Today was trash day in my neighborhood, which meant that I was curbside before sunrise, shoveling a wheelbarrow full of manure into the bin before the noisy trash truck lumbered up the hill. As odd as it seemed, to be standing out there in the brisk gray dawn, shoveling poop in my sweatpants, I knew that someplace there were other horsewomen repeating the same ritual. I’ve learned that it really is a small horse world, after all.
“I’ll never find another horse like him,” she wrote, “plus I’m getting older, so I figured I’d just let all this stuff go.”
Duke’s spurs—as well as his western bit—have now been passed on to Joey and Wally.
It made me realize that every piece of tack and equipment (providing we keep it long enough) tells a story. I studied the jumbled pile of spurs in my tack box and thought of each horse whose sides they’d rubbed. I recalled how my first warmblood, a big, plain mare named Syracuse, required dressage spurs with tiny rowels for her schooling sessions. She wasn’t an argumentative horse. She was merely dull. And slow. Yet she was a lovely ladies’ hunter and my, she looked so elegant in her midnight blue-black coat! I also admired a pair of silver huntseat spurs that were engraved with floral scrollwork. My sister gave those to me years ago when I showed Hammie, my bay Trakehner gelding. He was sweet yet hot, like good honey mustard. Those spurs were my one piece of blinged indulgence and I always felt exceptionally snazzy when I wore them in a hunter class, as if I was being a little bit naughty.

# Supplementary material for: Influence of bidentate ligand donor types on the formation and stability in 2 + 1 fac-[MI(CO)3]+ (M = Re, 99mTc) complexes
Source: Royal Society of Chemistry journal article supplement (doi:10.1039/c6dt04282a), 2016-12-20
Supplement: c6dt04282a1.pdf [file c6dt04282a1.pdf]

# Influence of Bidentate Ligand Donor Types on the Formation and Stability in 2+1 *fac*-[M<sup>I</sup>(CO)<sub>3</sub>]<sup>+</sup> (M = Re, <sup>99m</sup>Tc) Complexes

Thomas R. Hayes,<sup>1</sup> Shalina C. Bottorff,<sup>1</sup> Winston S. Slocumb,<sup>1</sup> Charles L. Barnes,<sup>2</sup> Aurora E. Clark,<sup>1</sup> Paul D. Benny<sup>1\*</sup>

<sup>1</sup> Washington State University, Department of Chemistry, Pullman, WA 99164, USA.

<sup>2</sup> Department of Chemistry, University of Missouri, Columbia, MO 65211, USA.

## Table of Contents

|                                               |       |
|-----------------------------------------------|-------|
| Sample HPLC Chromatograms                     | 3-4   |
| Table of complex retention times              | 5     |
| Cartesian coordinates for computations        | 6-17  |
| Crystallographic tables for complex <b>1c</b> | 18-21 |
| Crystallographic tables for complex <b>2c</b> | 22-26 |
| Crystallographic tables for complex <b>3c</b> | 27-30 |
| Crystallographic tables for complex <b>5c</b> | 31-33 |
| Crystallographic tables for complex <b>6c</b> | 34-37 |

My collection of bits, bridles and leather halters with tarnished brass nameplates elicit the same sense of nostalgia. Ditto for fine bristled brushes with wear marks on the backside, where years of cradling them with one hand has worn through the thin layer of varnish. I begin to wonder: “Is there some essence of horses past, some microscopic DNA of horses I once rode and cherished, still lingering there?”
Consider your tack sometimes. Each piece tells a story. I promise. Think about that next time you’re shoveling manure at 6:00 a.m. on a wintry day.
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